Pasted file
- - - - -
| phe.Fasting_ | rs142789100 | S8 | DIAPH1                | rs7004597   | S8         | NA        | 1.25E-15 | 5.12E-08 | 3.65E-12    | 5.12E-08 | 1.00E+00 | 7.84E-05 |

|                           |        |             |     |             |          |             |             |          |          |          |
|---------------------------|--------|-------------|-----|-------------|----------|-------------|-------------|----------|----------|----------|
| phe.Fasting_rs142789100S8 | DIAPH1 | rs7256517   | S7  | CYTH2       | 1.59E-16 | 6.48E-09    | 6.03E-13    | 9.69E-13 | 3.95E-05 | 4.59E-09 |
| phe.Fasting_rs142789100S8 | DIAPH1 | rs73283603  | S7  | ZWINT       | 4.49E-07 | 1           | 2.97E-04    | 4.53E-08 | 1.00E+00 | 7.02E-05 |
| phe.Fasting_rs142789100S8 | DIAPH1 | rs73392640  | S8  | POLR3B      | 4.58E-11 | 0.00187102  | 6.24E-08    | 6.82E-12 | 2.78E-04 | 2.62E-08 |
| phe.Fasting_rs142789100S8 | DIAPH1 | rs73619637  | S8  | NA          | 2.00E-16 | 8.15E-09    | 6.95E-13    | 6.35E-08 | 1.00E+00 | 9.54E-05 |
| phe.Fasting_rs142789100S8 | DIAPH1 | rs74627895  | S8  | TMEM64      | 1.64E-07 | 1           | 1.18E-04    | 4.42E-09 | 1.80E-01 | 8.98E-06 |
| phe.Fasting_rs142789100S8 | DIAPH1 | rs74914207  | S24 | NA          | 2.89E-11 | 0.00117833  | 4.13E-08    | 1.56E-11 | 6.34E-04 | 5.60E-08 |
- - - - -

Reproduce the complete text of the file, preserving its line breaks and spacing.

| phe.Fasting_ | rs142789100 | S8 | DIAPH1                | rs7004597   | S8         | NA        | 1.25E-15 | 5.12E-08 | 3.65E-12    | 5.12E-08 | 1.00E+00 | 7.84E-05 |

|                           |        |             |     |             |          |             |             |          |          |          |
|---------------------------|--------|-------------|-----|-------------|----------|-------------|-------------|----------|----------|----------|
| phe.Fasting_rs142789100S8 | DIAPH1 | rs7256517   | S7  | CYTH2       | 1.59E-16 | 6.48E-09    | 6.03E-13    | 9.69E-13 | 3.95E-05 | 4.59E-09 |
| phe.Fasting_rs142789100S8 | DIAPH1 | rs73283603  | S7  | ZWINT       | 4.49E-07 | 1           | 2.97E-04    | 4.53E-08 | 1.00E+00 | 7.02E-05 |
| phe.Fasting_rs142789100S8 | DIAPH1 | rs73392640  | S8  | POLR3B      | 4.58E-11 | 0.00187102  | 6.24E-08    | 6.82E-12 | 2.78E-04 | 2.62E-08 |
| phe.Fasting_rs142789100S8 | DIAPH1 | rs73619637  | S8  | NA          | 2.00E-16 | 8.15E-09    | 6.95E-13    | 6.35E-08 | 1.00E+00 | 9.54E-05 |
| phe.Fasting_rs142789100S8 | DIAPH1 | rs74627895  | S8  | TMEM64      | 1.64E-07 | 1           | 1.18E-04    | 4.42E-09 | 1.80E-01 | 8.98E-06 |
| phe.Fasting_rs142789100S8 | DIAPH1 | rs74914207  | S24 | NA          | 2.89E-11 | 0.00117833  | 4.13E-08    | 1.56E-11 | 6.34E-04 | 5.60E-08 |